Abraham (Catherine) Trostle Farm Barn - Gettysburg, PA
Posted by: Groundspeak Regular Member Math Teacher
N 39° 48.131 W 077° 14.554
18S E 308014 N 4408207
Quick Description: No Civil War barn or civilian site has received as much notoriety as the Trostle Barn. Built in 1850, this large Pennsylvania style bank barn still bears the hole in the brick under the side gable, where an enemy cannon ball passed through it.
Location: Pennsylvania, United States
Date Posted: 6/4/2013 5:59:11 PM
Waymark Code: WMH7XE
Published By: Groundspeak Premium Member Turtle3863
Views: 4

Long Description:

Historical Background/Significance
The Trostle Farm is south of Gettysburg on what is now United States Avenue. The farm and barn are on the left or northeast side of the road if traveling southwest along the Avenue. Owned by Peter Trostle, it was occupied at the time of the battle by his son Abraham, Abraham's wife Catherine, and their nine children. The 134 acre farm included a new frame house, brick barn, corn crib, wagon shed, springhouse, and a brick smokeouse.

Major General Daniel Sickles used the farm as his headquarters after he advanced his Third Army Corps to the line of the Emmitsburg Road on July 2nd. He was wounded in the field to the west of the barn, where a monument now stands. The 9th Massachusetts Battery had fought a desperate last stand on their farm, with at least sixteen dead battery horses just in the front yard and over a hundred on the farm.

The Trostles were abruptly forced from their home during the fighting, leaving dinner on the table, which was enjoyed by Sickles' staff. Like many of their neighbors, the Trostles returned to find most of their belongings looted or destroyed. Damage to property and real estate was estimated a $2,500 in a claim filed fter the war, but it appears no compensation was ever paid. The farm was sold by the Trostle heirs to the Park Service in 1899. You can still see battle damage, including the famous shell hole in the brickwork of the barn. The shell hole I think makes this one of the most authentic Civil War battle sites at Gettysburg. SOURCE

The Abraham (Catherine) Trostle Farm Barn is a contributing feature to the Gettysburg National Military Park Historic District which is nationally significant under NR Criteria A, B, C & D. Areas of Significance: Military, Politics/Government, Landscape Architecture, Conservation, Archeology-Historic. Period of Significance: 1863-1938. The original National Register Nomination was approved by the Keeper March 19, 1975. An update to this nomination was approved by the Keeper on January 23, 2004. The monument is identified as structure number 087.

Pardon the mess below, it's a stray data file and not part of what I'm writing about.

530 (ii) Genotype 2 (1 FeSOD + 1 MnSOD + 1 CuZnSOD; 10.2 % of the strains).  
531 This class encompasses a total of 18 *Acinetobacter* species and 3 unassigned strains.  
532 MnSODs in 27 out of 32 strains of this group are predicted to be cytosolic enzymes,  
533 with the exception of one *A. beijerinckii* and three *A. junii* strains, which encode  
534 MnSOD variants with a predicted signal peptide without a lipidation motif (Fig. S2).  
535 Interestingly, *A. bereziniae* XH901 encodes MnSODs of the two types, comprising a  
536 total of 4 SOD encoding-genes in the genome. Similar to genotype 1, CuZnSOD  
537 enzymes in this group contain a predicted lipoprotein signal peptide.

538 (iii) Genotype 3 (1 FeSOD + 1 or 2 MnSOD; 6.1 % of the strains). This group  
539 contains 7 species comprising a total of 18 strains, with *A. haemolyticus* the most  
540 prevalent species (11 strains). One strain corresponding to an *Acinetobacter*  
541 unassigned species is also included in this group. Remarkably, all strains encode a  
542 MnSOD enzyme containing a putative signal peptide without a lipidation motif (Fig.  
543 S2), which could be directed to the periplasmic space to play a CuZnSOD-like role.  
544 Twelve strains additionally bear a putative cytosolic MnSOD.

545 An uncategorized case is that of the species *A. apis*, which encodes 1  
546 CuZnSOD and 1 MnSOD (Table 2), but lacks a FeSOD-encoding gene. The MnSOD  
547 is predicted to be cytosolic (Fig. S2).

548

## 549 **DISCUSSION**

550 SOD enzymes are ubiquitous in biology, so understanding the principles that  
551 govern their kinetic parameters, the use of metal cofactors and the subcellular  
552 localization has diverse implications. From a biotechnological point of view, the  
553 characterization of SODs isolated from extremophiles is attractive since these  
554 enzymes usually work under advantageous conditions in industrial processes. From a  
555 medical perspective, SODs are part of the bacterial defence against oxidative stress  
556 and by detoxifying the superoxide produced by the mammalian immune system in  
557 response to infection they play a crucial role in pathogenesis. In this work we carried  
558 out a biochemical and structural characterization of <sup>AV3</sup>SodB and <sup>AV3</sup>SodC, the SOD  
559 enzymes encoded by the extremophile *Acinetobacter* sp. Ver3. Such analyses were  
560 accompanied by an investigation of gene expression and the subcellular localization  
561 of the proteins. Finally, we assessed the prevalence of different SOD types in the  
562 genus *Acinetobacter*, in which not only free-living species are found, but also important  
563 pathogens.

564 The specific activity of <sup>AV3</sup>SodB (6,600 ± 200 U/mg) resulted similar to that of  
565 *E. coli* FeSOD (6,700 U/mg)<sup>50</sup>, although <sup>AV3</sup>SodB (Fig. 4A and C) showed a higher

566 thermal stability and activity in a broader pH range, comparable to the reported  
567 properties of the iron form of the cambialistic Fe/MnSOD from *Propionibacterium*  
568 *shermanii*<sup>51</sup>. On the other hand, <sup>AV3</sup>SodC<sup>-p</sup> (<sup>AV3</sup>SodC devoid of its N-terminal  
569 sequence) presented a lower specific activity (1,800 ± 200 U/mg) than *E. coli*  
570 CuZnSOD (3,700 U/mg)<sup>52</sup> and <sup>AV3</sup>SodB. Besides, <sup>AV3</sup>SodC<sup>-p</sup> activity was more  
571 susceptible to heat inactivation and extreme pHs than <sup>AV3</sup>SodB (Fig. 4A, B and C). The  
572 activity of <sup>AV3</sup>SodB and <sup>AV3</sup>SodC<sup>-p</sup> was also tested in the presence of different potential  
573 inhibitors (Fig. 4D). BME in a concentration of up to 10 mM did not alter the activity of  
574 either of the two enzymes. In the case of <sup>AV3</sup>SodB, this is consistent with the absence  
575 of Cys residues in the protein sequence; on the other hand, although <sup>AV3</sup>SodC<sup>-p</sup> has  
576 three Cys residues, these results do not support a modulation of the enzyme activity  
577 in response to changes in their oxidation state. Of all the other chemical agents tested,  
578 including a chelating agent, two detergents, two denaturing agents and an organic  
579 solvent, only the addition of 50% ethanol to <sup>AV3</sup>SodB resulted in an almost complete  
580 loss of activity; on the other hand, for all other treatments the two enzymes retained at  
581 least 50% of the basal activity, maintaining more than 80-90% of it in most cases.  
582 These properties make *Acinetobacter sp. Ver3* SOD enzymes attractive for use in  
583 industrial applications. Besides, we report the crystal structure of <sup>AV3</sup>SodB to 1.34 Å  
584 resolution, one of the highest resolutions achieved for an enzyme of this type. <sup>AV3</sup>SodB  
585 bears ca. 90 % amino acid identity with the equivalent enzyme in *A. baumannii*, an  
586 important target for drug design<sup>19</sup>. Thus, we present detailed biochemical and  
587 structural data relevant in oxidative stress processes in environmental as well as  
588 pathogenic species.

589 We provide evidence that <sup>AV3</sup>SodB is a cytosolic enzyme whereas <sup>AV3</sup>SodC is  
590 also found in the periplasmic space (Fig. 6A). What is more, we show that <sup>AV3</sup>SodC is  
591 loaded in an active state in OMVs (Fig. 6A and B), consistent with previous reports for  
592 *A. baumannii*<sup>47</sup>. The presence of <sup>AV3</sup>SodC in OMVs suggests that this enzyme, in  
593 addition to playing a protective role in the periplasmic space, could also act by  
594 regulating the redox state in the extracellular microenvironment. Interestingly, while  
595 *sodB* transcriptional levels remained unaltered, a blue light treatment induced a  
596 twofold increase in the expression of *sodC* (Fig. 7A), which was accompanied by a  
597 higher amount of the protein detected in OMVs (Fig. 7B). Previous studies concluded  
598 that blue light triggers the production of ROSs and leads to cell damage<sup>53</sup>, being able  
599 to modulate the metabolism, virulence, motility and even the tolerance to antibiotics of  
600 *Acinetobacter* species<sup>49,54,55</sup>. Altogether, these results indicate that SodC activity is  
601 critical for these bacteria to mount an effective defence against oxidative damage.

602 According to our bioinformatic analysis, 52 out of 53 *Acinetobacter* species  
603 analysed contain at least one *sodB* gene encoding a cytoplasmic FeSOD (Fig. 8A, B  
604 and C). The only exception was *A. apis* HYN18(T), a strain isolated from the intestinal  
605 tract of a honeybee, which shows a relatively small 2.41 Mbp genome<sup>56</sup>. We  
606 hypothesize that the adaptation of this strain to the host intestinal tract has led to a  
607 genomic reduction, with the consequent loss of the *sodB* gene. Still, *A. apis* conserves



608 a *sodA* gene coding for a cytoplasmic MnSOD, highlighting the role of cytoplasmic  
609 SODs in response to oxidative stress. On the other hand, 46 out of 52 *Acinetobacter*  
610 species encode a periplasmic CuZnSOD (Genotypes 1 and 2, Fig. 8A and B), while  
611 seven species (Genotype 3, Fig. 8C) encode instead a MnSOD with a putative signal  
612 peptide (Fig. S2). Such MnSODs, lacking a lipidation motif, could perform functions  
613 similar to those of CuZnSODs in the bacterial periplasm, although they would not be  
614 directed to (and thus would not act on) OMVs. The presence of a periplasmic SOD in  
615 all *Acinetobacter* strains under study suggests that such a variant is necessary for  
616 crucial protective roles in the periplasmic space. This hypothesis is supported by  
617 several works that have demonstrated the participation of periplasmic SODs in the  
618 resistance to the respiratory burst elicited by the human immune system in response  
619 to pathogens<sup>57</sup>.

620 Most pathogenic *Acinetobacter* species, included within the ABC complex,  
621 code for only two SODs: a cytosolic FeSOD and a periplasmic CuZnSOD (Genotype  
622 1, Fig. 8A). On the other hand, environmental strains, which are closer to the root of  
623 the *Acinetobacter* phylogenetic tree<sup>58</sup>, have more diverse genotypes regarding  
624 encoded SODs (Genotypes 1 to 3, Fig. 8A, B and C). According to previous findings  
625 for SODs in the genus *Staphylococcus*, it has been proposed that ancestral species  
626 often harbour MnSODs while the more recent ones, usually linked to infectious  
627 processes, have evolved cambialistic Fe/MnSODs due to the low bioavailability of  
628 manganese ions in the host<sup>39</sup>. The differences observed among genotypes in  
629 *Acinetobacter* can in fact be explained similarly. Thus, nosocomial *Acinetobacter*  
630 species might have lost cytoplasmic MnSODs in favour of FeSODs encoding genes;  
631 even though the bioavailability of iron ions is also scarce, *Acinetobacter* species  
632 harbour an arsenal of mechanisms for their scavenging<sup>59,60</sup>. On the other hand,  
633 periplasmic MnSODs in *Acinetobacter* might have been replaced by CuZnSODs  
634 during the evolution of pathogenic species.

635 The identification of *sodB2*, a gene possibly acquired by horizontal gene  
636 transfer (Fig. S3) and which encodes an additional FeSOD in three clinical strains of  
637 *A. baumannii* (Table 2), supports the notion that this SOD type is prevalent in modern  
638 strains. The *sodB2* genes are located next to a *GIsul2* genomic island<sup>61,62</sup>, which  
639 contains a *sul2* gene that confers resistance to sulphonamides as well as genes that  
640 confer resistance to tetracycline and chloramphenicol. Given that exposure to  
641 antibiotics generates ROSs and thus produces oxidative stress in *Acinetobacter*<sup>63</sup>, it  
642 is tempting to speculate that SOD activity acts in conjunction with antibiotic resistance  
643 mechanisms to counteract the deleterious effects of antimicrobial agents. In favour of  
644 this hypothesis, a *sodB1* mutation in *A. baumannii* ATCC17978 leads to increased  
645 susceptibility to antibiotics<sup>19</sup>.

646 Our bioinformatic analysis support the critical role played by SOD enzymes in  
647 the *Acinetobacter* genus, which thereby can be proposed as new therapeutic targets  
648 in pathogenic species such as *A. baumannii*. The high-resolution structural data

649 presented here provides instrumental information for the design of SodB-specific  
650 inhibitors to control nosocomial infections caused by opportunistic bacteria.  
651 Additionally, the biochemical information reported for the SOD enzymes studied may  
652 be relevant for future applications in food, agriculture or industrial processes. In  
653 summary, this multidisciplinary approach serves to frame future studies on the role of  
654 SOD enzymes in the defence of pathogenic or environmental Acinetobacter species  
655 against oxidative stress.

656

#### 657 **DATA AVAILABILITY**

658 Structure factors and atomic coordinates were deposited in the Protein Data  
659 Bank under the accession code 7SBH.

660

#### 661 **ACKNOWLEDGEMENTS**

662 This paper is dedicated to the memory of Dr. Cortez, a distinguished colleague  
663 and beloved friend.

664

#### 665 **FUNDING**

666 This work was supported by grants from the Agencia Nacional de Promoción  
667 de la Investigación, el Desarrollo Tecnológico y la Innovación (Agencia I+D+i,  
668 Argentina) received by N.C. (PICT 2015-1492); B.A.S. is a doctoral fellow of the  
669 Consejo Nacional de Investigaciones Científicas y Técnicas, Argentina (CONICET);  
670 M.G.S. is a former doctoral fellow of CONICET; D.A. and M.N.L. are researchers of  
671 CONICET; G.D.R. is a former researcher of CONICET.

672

From the Nomination Form:
1 of 8 PA bank barns in Park, the Barn is also the only brick-walled barn still standing. The barn is 1 of 3 Civil War buildings still standing on the Trostle Farm & shows scars from the Battle of Gettysburg. Commander Sickles was wounded nearby.

The location of the building near the bottomland of Plum Run placed it between the two Union defensive positions of Cemetery Ridge and Emmitsburg Road Ridge on July 2. Its location between the two battle lines made it a landmark and an obvious choice for a headquarters location by the commanding general of the Third Corps (Daniel E. Sickles). Developments during the battle on July 2, however, soon placed the barn in the thick of the fighting. At least one Union battery was located in the yards of the barn and house and drew return fire from several Confederate batteries. The barn still exhibits signs of damage caused by a solid shot striking the south gable wall. From the evening of July 2 to the evening of July 3, the barn was in the hands of Confederates on the skirmish line west of Plum Run. It is likely that the barn served temporarily for hospital purposes after close of the fighting on July 5. Although the second floor of the barn still includes much original fabric and integrity, the lower stable floor was altered for dairying purposes in the 1940s.

Short Physical Description:
2-story 80'x64', gable roof, bank barn w/ 6'Dx15'Lx19'H lean-to. Walls are brick w/ vertical board in sections. Lean-to used as wagon shed & corn crib. Eroded datestone in S gable end. S Gable end, diamond vent, W&N elev "X" vents.

Long Physical Description:
Barn (1850-1860) is a two-story brick and frame Pennsylvania bank barn on a granite foundation that measures 80.0 x 64.0 feet with a 6.0 x 15.0 feet lean-to used as a wagon shed and corn crib on the south side. Diamond-shaped hay stack/corn shock vents are located in the north and south gable ends. On the east side there is an earthen ramp flanked on each side by two brick granary sheds. A cantilevered forebay with vertical wood siding extends the full length of the eastern side. The rooflines of the granary extensions on the west balance each other out to form a symmetrical gable. The gable roof has three types of wood shingles.

My Sources
1. NRHP Nomination Form
2. Stone Sentinels
3. Draw the Sword
5. Civil War Wiki
6. Gettysburg Times
7. ancestry.com
8. Visit Pa

Related Website: [Web Link]

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